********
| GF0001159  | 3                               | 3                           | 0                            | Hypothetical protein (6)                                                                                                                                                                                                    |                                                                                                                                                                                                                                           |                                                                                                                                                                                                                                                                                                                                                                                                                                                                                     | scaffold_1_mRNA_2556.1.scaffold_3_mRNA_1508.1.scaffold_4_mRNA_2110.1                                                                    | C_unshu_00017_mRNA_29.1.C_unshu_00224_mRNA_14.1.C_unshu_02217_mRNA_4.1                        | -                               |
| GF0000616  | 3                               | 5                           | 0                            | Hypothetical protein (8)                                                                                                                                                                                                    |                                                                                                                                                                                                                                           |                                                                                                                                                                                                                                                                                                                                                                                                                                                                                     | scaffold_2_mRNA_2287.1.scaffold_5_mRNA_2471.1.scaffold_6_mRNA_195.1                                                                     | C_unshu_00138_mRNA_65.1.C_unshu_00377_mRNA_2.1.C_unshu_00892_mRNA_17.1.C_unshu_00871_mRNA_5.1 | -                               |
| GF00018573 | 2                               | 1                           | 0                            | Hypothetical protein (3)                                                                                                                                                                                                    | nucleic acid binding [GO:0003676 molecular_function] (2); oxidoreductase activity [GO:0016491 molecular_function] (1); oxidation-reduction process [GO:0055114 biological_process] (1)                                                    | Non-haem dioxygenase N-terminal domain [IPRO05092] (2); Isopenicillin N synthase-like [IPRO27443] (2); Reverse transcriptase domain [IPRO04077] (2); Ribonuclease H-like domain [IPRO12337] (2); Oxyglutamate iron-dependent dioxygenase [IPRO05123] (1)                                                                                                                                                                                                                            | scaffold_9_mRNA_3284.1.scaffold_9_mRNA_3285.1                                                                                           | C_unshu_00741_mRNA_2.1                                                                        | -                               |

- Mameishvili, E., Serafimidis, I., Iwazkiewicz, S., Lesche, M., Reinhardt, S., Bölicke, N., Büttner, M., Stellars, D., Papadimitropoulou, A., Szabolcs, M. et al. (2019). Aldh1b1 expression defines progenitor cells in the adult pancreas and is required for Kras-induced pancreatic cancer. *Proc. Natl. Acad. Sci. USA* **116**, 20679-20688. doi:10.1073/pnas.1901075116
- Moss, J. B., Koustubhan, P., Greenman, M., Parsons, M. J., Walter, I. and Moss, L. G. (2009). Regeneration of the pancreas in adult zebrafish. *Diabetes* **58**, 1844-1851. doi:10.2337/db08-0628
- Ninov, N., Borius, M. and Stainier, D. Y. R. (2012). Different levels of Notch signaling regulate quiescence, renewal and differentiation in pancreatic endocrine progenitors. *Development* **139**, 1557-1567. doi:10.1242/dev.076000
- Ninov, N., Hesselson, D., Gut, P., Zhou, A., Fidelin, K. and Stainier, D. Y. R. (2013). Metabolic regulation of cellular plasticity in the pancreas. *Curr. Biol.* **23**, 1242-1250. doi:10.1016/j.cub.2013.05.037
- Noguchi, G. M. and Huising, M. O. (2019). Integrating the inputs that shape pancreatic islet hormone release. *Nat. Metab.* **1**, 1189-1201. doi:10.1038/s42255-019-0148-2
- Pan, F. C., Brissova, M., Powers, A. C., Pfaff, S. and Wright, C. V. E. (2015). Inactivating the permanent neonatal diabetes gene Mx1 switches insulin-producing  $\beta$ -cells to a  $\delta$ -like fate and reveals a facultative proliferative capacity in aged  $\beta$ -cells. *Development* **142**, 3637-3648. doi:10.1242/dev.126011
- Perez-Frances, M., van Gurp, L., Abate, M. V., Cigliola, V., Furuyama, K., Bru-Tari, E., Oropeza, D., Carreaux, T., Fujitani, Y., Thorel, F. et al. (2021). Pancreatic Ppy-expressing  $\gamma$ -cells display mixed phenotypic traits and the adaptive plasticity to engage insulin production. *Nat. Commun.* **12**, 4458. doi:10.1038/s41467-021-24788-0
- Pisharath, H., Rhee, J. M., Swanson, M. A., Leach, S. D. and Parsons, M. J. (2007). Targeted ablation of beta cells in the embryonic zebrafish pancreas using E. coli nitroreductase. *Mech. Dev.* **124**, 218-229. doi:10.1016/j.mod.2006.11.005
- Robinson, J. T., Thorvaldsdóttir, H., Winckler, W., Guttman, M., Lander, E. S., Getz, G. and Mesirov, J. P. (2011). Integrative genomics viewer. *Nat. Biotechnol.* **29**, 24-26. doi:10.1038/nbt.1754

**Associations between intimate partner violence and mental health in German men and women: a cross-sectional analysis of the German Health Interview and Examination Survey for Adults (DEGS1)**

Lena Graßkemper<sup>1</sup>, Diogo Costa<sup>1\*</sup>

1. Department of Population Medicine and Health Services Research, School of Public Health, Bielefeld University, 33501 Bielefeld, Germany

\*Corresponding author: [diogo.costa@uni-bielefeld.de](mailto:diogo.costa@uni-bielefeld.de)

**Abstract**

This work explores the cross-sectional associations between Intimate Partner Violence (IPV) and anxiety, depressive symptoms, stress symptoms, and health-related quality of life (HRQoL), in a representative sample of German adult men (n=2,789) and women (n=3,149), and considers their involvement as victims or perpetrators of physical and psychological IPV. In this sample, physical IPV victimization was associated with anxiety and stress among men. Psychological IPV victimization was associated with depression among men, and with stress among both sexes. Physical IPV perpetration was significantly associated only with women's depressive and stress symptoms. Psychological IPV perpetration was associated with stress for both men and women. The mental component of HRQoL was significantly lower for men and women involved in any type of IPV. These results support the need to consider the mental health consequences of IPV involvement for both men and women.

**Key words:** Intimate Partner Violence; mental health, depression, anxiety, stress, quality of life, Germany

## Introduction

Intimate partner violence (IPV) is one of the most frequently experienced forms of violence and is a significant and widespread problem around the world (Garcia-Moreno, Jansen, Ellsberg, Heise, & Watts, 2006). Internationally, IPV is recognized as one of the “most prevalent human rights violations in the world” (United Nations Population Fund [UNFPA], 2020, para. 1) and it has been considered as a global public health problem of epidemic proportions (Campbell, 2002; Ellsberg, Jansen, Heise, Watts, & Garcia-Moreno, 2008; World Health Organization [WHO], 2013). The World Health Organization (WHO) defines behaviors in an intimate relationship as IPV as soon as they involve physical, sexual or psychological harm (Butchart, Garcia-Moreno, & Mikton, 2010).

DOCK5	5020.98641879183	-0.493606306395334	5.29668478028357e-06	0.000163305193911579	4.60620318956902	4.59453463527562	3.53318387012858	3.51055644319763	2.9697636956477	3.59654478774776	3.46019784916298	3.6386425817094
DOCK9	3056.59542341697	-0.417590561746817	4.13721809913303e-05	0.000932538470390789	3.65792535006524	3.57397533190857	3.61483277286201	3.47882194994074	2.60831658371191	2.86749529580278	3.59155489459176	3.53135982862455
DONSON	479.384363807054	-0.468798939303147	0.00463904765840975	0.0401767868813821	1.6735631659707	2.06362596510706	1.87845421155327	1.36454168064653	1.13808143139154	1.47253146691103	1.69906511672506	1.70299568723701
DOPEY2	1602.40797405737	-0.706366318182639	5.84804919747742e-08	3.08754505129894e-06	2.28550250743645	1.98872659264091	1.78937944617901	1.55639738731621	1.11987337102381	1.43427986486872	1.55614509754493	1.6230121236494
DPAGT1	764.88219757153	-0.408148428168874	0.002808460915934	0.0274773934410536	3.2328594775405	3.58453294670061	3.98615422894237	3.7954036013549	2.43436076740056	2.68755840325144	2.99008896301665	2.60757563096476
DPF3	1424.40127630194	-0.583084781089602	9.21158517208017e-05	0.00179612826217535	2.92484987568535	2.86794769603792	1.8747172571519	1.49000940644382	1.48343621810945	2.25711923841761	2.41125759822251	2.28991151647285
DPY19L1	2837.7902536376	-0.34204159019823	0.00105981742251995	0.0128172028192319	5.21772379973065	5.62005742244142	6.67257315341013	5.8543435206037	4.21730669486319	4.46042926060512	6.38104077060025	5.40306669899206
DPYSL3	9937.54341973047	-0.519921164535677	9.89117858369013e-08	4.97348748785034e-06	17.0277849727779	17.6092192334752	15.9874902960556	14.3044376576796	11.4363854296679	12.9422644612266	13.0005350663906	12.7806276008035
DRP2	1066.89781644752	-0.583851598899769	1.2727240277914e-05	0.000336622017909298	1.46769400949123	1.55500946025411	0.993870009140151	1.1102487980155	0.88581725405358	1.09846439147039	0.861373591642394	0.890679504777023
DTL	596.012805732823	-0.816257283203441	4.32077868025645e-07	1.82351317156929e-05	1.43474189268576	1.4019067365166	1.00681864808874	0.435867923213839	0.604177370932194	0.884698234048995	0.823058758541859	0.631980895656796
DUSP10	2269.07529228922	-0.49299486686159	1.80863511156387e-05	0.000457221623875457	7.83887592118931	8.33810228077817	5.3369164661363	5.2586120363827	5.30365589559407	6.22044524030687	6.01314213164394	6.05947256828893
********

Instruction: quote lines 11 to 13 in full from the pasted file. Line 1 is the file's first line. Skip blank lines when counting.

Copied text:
- Pisharath, H., Rhee, J. M., Swanson, M. A., Leach, S. D. and Parsons, M. J. (2007). Targeted ablation of beta cells in the embryonic zebrafish pancreas using E. coli nitroreductase. *Mech. Dev.* **124**, 218-229. doi:10.1016/j.mod.2006.11.005
- Robinson, J. T., Thorvaldsdóttir, H., Winckler, W., Guttman, M., Lander, E. S., Getz, G. and Mesirov, J. P. (2011). Integrative genomics viewer. *Nat. Biotechnol.* **29**, 24-26. doi:10.1038/nbt.1754

**Associations between intimate partner violence and mental health in German men and women: a cross-sectional analysis of the German Health Interview and Examination Survey for Adults (DEGS1)**